Cross said the ab­duc­tors had told him from the be­gin­ning that “they weren't go­ing to kill me but I didn't be­lieve them.”

The diplo­mat thought he would be mur­dered if he ceased to be of value to the cell “be­cause it was much eas­ier to dis­pose of a dead body than a live one.” He also sur­mised he might get killed in the cross­fire of a po­lice raid on the house.

He­witt notes that de­spite the har­row­ing ex­pe­ri­ence, Cross did not seem bit­ter to­ward his cap­tors and said most of them had been “very kind to me.”

Hu­mor­ous mo­ments with the kid­nap­pers helped keep Cross sane.

“I made jokes about meet­ing them when they were min­is­ters and re­ceiv­ing them in London and giv­ing them diplo­matic ban­quets, be­cause I know very well the Bri­tish gov­ern­ment would shake hands with any­body. All we need is time.”

Af­ter La­porte's death, Cross didn't re­ally want to talk to his cap­tors. And in the 1998 mem­oir, he made it clear he had no sym­pa­thy for the FLQ mem­bers.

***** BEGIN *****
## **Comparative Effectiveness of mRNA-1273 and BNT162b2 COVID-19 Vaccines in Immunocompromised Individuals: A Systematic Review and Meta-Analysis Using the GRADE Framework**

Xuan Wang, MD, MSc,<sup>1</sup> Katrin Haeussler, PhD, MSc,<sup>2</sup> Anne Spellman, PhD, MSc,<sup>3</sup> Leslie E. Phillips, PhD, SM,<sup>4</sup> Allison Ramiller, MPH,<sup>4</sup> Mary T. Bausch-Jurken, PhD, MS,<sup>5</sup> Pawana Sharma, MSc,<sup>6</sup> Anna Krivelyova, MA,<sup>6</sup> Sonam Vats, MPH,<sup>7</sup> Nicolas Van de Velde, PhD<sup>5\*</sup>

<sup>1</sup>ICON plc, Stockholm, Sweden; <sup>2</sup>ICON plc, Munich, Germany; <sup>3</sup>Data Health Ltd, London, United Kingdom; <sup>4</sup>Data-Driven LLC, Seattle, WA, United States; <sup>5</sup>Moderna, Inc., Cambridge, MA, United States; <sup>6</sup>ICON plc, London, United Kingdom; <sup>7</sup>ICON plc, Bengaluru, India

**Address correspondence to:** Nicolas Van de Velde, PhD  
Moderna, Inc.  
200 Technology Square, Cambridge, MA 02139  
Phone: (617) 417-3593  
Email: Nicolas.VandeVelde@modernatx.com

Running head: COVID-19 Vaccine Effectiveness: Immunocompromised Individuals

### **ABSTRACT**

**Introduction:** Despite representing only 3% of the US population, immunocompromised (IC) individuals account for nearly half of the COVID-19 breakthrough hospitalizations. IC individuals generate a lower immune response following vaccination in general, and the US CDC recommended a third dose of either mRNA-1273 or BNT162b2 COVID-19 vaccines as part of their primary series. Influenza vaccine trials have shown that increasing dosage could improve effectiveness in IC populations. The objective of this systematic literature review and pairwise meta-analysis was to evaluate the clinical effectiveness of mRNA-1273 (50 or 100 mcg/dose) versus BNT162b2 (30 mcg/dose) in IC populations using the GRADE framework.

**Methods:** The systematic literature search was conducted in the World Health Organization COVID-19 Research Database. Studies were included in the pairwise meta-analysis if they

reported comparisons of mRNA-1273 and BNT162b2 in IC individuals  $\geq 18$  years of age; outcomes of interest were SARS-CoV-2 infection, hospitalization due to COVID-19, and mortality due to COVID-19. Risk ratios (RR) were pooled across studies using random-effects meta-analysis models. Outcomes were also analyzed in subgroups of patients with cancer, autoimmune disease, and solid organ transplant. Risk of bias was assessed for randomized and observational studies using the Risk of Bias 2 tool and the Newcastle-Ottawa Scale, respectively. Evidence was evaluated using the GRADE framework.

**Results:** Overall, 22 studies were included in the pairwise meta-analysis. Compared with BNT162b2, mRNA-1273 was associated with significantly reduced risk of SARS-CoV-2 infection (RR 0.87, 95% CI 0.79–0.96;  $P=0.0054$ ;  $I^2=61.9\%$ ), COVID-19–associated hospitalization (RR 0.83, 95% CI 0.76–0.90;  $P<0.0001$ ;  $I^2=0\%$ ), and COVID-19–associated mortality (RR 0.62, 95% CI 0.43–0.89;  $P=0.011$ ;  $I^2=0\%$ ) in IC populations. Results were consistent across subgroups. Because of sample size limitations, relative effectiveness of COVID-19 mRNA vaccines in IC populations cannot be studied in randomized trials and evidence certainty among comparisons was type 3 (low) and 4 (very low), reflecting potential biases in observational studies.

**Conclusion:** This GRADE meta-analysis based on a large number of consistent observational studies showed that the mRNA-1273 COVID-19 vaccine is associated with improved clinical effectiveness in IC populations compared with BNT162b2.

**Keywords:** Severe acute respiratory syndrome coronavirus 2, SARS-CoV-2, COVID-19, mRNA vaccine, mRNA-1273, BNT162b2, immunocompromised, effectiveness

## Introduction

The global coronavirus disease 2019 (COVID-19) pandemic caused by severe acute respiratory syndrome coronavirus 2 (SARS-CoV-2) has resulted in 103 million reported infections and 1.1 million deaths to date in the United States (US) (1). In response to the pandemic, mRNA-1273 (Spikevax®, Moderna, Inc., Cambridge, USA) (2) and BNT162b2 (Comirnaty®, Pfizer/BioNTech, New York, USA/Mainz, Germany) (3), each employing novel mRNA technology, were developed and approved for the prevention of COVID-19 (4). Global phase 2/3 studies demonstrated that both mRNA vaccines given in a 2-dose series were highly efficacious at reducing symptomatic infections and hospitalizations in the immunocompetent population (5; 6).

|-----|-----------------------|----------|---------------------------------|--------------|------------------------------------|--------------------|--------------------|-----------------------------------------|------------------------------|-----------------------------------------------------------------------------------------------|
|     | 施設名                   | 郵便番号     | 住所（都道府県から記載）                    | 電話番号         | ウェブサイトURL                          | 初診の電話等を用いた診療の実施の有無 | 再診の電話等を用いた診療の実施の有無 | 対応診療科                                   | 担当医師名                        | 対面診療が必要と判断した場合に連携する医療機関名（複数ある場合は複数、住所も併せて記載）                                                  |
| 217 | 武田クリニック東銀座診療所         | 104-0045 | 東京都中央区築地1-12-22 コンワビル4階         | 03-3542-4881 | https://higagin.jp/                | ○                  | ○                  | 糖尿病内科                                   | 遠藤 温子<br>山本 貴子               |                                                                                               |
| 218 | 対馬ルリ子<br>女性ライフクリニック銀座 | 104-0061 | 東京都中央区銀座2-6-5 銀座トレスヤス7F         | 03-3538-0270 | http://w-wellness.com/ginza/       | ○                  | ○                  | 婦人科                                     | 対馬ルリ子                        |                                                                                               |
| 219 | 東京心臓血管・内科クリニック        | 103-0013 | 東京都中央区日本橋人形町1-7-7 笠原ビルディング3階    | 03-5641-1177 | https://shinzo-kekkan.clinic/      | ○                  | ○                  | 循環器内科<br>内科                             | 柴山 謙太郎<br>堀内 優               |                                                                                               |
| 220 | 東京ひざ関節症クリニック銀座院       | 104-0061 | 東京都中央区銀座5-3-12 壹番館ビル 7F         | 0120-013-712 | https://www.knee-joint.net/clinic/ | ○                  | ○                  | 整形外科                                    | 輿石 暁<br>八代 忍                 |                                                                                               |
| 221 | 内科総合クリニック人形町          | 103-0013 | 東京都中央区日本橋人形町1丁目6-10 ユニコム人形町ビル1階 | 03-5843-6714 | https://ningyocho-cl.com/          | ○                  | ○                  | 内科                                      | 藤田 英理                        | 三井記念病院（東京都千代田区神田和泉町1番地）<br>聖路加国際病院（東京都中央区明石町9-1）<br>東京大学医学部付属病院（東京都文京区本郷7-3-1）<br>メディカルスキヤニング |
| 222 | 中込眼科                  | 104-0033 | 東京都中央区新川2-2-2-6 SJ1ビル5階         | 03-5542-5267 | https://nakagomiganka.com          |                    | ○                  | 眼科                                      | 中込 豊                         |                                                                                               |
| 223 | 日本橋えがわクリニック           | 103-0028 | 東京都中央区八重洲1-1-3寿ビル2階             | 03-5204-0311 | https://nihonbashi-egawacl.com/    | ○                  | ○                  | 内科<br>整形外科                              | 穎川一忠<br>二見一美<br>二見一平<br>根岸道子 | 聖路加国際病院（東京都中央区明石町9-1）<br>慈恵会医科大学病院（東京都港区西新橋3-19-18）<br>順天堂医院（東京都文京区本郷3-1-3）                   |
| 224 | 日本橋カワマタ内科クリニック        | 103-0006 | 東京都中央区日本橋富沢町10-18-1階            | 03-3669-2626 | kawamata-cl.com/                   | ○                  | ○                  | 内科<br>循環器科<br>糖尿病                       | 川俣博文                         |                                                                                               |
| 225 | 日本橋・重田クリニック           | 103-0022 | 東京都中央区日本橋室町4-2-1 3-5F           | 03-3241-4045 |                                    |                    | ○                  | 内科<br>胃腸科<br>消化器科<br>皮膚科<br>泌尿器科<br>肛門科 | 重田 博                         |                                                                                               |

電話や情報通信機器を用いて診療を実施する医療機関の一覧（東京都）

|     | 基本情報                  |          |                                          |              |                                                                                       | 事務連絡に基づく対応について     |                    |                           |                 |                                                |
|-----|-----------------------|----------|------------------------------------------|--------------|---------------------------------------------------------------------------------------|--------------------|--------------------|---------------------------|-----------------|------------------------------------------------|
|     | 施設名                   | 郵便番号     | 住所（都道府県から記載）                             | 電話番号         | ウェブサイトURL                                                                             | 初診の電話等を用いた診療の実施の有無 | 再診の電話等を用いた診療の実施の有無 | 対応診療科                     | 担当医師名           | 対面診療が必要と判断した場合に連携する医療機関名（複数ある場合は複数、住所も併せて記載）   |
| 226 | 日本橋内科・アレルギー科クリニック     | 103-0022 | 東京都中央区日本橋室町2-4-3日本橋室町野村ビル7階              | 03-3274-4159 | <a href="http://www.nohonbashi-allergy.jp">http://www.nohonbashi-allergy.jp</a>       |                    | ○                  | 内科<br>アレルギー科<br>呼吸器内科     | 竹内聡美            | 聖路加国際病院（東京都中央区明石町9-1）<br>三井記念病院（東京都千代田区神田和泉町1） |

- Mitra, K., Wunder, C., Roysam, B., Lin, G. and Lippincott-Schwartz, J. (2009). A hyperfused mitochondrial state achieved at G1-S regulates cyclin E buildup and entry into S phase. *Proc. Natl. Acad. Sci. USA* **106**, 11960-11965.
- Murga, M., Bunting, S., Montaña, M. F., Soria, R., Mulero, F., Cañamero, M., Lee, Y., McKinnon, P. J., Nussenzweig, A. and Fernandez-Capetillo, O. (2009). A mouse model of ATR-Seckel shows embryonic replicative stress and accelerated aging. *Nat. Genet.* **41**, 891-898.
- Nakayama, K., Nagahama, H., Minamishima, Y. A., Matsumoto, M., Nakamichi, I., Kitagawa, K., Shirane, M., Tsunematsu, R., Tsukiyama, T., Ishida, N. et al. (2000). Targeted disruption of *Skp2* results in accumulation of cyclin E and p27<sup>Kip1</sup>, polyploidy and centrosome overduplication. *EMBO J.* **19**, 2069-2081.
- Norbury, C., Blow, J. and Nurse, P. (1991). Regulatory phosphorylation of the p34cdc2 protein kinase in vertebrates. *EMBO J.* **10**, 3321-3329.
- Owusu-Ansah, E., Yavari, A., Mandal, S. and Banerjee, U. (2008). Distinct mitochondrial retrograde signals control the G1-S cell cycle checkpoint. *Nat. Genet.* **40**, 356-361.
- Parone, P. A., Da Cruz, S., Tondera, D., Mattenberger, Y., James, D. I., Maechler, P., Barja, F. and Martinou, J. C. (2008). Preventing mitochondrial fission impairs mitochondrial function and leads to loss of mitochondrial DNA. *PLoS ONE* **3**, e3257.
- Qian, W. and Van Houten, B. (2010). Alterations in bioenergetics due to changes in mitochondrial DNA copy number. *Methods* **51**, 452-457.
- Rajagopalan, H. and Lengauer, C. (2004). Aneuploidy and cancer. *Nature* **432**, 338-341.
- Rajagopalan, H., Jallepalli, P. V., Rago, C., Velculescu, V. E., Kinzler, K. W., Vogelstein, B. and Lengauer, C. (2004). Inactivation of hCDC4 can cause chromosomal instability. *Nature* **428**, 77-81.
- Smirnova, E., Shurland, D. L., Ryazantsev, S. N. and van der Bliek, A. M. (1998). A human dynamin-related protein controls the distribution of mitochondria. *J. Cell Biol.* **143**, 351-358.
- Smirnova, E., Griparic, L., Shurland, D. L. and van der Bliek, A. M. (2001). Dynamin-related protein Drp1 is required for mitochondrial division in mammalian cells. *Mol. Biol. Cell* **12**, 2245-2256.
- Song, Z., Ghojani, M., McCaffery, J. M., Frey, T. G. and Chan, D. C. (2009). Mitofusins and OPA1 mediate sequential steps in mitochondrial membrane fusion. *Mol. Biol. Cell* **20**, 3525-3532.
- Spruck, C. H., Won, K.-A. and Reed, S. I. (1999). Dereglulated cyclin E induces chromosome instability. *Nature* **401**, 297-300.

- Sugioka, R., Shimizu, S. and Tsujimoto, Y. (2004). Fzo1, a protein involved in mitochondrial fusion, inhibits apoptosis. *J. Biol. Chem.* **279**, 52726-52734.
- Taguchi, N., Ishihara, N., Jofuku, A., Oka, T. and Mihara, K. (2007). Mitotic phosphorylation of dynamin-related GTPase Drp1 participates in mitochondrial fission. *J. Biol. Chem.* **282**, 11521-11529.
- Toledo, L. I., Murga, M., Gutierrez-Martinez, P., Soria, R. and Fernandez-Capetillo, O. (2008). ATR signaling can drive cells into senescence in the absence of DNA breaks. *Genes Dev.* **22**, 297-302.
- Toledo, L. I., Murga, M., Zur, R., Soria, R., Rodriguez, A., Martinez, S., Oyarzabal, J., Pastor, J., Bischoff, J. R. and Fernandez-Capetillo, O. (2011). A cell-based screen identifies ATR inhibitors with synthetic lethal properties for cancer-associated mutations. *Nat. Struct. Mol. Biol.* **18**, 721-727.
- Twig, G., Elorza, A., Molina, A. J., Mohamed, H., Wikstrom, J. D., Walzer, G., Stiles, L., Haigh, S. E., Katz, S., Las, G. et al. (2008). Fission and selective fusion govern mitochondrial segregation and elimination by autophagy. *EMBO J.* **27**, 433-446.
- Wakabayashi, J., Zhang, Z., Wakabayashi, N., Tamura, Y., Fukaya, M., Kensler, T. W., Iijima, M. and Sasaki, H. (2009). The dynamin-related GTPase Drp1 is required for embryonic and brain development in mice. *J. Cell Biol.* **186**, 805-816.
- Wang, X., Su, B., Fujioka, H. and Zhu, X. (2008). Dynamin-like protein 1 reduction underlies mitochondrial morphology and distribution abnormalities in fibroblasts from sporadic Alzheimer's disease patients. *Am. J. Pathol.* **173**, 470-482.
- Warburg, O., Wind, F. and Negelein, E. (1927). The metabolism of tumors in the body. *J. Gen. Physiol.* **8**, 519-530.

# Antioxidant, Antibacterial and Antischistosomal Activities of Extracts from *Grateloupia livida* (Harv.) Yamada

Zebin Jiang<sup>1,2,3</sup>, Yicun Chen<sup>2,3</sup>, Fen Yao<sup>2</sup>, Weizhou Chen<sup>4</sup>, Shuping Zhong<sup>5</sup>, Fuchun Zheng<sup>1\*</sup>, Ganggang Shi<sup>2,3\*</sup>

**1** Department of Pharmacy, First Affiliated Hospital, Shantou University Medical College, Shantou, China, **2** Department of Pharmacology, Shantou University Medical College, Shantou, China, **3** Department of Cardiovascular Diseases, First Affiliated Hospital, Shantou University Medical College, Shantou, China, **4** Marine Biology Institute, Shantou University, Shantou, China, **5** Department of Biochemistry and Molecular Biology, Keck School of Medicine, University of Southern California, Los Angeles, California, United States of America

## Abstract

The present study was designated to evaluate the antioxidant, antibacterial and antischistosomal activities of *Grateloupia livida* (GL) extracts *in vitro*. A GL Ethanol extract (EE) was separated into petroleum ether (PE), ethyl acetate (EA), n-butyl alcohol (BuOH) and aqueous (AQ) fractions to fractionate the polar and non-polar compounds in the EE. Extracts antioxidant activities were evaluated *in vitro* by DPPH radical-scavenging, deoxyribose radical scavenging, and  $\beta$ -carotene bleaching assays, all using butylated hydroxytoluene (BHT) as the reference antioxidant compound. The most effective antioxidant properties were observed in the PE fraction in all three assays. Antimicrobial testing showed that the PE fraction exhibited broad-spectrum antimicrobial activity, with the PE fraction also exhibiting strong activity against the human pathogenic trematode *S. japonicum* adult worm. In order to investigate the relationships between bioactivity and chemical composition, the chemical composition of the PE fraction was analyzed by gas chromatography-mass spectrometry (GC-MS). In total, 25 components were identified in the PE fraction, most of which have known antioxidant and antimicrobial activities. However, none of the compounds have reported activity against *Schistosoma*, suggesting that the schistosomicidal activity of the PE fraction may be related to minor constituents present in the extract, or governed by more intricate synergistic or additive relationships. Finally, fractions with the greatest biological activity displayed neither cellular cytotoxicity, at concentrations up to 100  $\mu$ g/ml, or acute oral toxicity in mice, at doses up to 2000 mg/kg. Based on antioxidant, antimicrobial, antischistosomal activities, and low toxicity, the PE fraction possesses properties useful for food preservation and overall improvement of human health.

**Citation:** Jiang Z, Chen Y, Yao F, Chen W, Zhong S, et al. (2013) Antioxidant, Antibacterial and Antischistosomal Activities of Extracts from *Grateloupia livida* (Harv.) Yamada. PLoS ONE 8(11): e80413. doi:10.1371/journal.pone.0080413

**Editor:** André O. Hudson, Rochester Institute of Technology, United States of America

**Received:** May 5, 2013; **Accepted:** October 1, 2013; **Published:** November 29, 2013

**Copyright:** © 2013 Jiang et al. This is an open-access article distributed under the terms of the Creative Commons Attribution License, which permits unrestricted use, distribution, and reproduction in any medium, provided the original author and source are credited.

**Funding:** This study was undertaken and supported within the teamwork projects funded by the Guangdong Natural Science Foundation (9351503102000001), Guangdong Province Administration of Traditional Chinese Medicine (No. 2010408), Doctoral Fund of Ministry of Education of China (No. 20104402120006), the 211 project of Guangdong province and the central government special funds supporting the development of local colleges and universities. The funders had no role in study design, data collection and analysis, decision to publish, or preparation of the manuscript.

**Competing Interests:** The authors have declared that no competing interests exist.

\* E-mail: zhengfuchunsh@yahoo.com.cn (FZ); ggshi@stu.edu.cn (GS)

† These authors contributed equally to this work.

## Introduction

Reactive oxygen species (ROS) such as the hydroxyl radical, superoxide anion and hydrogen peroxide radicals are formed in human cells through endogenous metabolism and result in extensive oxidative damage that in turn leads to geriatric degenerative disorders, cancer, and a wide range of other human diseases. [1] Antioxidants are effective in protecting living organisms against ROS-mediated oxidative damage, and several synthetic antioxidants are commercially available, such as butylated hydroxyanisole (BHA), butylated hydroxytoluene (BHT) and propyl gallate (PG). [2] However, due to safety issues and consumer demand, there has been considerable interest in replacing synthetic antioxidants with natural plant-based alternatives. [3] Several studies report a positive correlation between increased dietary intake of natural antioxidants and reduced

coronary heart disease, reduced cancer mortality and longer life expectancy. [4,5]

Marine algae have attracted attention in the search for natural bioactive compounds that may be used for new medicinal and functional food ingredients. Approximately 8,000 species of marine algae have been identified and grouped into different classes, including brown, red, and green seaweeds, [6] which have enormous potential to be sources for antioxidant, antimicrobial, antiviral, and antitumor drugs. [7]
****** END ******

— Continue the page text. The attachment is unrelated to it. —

“I hated the lot of them and would have cheer­fully killed them if the op­por­tu­nity arose. This does not mean that I could not main­tain friendly re­la­tions on the sur­face. I was op­er­at­ing on two lev­els. One, my real thoughts and two, a su­per­fi­cial cor­re­spon­dence with them.”

Early in De­cem­ber, au­thor­i­ties found out where Cross was be­ing held. He was re­leased and some FLQ mem­bers were al­lowed pas­sage to Cuba.

He­witt notes that Cross of­fered a so­phis­ti­cated take on the mo­ti­va­tion of the FLQ upon his re­lease, rec­og­niz­ing the role of the English dom­i­na­tion of Que­bec but also the in­spi­ra­tion drawn from anti-colo­nial move­ments in places such as Al­ge­ria.

Cross found the Que­bec rad­i­cals “ab­so­lutely ded­i­cated.”